“Do not pray for an easy life.  Pray for the strength to endure a difficult one.”  – Bruce Lee

I was a small kid with a smart mouth and I tended to get beat up a lot.  I remember kids would chase me home from elementary school.  They would travel in small gangs.  I was pretty much helpless to deal with it, and my mother had always instructed me that fighting was never the solution.  Mom is a self proclaimed pacifist, and I was given the valuable but limited strategy of “run away.”  As time went on the family could see that I was having difficulty so solutions were sought.  My dad hung a heavy bag in the basement.  At one point I was signed up for karate classes at the local gym.  It was bunk, and there were some bullies in the class.  It was a fairly negative experience that served to convince me that I was not cut out to be a martial artist.

I thought I had left martial arts behind me, but when I was in law school, maybe around 1999, a guy I went to law school with invited me to a Brazilian jiu-jitsu (BJJ) class.  I didn’t know anything about BJJ other than what I had seen on the Ultimate Fighting Championship in the years prior.  I thought Royce Gracie was one of the toughest guys in the world.  I didn’t understand how any of it worked, but I knew that it was the new popular martial art.

My buddy, Mike Gerstein, had told me about his BJJ coach, Dino Costeas.  He said, “You gotta meet this guy.”  A few days later I walked into Iron Fist Kung Fu studio.  The main focus of the gym was Kung Fu, but Dino taught BJJ on the side mats along the windows.  Dino was an easy guy to like.  You could tell he was tough as leather just by the way he carried himself.  He had no worries, and whenever he spoke to you he gave you his full attention.  Dino had seen the original UFC and decided he needed to go train under Royce Gracie.  He went out to California, trained with Royce and didn’t hit it off.  He continued his search eventually landing in Rickson Gracie’s gym.  He received his blue belt under Rickson and came back to Chicago to open his own program.  At that time no one in Chicago had ever really seen a BJJ purple belt or brown belt.  Dino’s blue belt was one of just a few in Chicago.

I remember on my first day we studied an armlock, and I could tell just by the drills we did that day that it would work.  I was on the mats working the most basic armlock from guard and I realized, “Dino is going to show me how to break a man’s arm.”  I could tell it would work when properly applied.  I had a glimpse of the potential power of the technique which needed years of polishing, but I was sold.

I trained with Dino for a couple years, then one day I broke a rib I was out for a couple months to heal.  One thing led to another and I ended up taking a few years off.  In 2010 I went back to train under Dino.  He trained out of POW Kickboxing.  Videos from those days can be found here.  When I came back, all the guys I had come up with at Iron Fist were all wearing dark colored belts.  They had come a long way and were basically all advanced practitioners.  When I came back Dino had a whole team of hungry practitioners.  I began my training again in earnest, and life was good.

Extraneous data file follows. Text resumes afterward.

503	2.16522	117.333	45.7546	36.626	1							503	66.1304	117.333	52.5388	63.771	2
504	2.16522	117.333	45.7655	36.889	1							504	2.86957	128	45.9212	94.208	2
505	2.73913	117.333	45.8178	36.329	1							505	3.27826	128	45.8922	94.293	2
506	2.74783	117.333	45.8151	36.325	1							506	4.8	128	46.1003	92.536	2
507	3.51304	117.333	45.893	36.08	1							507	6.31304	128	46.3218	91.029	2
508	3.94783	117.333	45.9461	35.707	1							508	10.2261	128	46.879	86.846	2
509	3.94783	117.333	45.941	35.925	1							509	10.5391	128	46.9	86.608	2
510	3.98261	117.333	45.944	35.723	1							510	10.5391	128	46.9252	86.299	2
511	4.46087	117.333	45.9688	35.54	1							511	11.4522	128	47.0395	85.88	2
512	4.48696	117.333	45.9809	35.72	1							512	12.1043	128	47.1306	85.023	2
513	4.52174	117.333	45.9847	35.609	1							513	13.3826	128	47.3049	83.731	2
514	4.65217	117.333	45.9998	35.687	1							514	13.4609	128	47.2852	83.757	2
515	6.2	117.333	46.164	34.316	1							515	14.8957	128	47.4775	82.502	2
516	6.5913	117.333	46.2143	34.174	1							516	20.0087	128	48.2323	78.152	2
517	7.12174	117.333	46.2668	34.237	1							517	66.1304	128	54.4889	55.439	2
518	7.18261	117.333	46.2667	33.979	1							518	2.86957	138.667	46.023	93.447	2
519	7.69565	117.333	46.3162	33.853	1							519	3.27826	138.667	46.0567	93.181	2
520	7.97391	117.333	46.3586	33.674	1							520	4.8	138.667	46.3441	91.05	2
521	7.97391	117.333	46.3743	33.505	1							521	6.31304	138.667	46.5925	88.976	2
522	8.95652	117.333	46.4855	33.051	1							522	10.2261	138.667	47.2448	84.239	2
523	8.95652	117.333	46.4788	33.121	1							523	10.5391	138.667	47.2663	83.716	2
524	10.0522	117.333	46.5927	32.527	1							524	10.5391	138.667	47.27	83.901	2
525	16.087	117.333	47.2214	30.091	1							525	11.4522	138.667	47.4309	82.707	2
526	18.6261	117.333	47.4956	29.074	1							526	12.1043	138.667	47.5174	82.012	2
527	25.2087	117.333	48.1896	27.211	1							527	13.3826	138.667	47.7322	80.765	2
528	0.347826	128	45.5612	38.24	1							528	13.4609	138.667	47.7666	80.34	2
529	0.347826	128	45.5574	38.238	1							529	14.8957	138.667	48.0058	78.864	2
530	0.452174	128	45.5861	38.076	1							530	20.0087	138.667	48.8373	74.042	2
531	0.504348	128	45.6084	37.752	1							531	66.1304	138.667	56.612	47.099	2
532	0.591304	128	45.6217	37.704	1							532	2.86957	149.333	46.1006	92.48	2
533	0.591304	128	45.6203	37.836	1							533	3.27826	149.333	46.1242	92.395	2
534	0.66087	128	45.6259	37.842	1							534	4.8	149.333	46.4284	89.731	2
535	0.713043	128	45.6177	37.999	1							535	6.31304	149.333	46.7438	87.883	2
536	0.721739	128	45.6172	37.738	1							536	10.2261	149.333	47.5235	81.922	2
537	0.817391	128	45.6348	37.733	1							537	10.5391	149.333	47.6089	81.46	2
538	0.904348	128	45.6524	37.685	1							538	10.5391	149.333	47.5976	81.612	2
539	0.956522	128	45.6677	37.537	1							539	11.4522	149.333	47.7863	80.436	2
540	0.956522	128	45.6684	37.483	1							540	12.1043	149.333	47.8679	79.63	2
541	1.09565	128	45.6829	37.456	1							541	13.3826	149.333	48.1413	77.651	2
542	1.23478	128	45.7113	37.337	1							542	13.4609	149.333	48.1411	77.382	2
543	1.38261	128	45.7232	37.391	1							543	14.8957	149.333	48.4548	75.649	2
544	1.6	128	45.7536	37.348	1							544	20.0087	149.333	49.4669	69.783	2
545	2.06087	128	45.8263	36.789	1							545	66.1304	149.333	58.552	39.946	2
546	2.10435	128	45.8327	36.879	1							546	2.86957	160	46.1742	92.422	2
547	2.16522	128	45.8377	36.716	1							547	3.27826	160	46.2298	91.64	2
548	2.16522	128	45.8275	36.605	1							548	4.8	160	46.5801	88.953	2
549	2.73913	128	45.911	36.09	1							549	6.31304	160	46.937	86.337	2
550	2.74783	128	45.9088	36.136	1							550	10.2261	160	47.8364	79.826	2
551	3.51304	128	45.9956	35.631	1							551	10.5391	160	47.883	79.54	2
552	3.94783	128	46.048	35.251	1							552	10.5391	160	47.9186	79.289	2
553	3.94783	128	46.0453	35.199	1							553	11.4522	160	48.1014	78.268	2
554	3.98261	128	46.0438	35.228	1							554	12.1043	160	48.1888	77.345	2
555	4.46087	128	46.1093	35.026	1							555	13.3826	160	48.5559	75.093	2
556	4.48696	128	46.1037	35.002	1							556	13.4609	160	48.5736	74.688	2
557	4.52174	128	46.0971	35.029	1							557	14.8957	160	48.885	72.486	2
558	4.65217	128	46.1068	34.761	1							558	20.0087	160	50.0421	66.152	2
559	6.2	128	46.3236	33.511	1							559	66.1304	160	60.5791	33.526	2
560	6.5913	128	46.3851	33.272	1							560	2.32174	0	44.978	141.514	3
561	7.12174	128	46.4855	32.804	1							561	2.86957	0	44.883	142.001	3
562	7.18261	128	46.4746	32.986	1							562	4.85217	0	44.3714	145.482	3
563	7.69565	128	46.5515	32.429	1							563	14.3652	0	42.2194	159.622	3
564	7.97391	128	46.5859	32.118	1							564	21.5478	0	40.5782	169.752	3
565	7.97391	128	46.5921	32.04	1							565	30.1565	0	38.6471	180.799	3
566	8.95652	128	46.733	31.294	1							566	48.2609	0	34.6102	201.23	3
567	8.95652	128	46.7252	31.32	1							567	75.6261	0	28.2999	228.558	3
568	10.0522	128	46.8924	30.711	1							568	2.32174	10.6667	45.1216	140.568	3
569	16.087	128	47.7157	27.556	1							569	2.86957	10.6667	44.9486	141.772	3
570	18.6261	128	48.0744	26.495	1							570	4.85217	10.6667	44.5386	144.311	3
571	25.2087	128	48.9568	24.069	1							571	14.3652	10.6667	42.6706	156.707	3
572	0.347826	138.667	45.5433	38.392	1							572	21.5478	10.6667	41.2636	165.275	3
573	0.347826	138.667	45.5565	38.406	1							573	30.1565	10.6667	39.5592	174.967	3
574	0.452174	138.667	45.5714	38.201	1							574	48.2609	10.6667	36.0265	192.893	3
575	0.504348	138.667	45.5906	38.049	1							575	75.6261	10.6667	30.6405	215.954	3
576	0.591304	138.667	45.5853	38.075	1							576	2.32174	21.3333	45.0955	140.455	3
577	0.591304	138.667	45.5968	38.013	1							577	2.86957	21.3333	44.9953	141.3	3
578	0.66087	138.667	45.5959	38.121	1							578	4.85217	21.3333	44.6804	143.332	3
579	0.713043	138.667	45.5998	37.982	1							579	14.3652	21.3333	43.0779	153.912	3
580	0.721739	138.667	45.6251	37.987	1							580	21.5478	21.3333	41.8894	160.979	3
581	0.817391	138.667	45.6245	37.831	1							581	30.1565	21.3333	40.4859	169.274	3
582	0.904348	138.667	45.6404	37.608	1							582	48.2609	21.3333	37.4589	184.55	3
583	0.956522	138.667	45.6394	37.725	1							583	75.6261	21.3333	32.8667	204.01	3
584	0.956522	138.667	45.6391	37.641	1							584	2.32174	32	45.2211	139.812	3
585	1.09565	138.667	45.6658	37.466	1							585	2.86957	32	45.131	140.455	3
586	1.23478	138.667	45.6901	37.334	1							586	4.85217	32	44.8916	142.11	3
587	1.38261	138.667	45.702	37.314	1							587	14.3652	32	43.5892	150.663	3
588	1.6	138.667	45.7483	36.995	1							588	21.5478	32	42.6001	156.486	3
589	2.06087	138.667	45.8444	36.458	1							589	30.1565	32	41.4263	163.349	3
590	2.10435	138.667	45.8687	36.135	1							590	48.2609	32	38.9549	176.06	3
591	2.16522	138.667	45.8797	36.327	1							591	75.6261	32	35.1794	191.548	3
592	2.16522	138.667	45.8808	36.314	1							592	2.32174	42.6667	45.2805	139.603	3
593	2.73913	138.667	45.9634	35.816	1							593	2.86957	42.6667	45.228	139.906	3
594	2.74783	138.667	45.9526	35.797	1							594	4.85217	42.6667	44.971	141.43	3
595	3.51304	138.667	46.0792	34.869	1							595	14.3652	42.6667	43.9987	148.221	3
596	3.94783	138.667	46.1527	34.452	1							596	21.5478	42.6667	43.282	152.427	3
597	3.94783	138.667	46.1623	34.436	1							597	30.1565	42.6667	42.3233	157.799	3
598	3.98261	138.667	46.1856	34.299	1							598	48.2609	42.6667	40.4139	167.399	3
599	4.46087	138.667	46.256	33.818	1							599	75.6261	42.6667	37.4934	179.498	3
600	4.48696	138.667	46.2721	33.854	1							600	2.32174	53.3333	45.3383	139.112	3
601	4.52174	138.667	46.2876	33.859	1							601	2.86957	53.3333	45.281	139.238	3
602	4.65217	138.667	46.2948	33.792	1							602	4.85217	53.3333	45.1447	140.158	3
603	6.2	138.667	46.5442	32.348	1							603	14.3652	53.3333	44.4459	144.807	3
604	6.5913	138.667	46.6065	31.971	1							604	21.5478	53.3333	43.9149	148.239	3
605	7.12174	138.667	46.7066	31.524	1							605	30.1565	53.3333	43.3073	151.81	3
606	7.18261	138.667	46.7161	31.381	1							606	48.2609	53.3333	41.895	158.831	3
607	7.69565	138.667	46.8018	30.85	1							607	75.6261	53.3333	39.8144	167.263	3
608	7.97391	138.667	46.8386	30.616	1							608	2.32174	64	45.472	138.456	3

On March 18, 2013, after a good private with Dino he paused and said to me, “You have to start wearing the blue belt.  I have a new one here you can have, or you can have my old one.”  In retrospect I appreciate that Dino gave me the choice, although I had no appreciation for what the ramifications of my decision would be.  I took the offer of Dino’s old belt to be an honor and accepted it.  I came to find that this belt had been handed down to other students over the years.  I don’t remember all the people who wore it, but there were a few.  This belt was long and worn.  Anyone coming into the gym would see me wearing this ragged blue belt that hung to my knees.  People seemed to know it was something special.  Dino doesn’t do stripes.

Every day after technique class there was sparring.  Dino’s program was popular enough that it attracted all sorts of people.  Understand that being a martial artist means that people who are tough, think they are tough, or just want to test themselves will come into a gym like Iron Fist or POW and “call out” someone to spar.  Wrestlers came in like there was a revolving door.  Strikers were plentiful.  Big guys abounded.  I soon realized that almost every guy who came in wanted to spar me.  It became like a broken record.  One guy after another, and it seemed to me that they would always want a match with me.

One day I asked Dino, “Why me?”  I didn’t understand.  I was a 30 something professional.  I was clean cut.  I was of average height and weight.  I was not imposing and didn’t intend to hold myself out as tough, but I was a magnet for every self professed tough guy that came through the door.  I couldn’t figure out what potential victory they saw in challenging me.  Who would feel good about beating up an average guy?  It made no sense.  Dino put his hand on my shoulder and said, “It’s because you’re wearing that belt.”

Years later I realized that wearing that belt I stood out.  Every week there were challenges to overcome.  There were losses and victories.  Over time I started building and reinforcing my toolbelt.  I also learned the importance of the mental aspects of martial arts and how to mentally defeat an opponent so they become easier to overcome physically.  Years later I think I appreciate how wearing that belt helped me develop my art.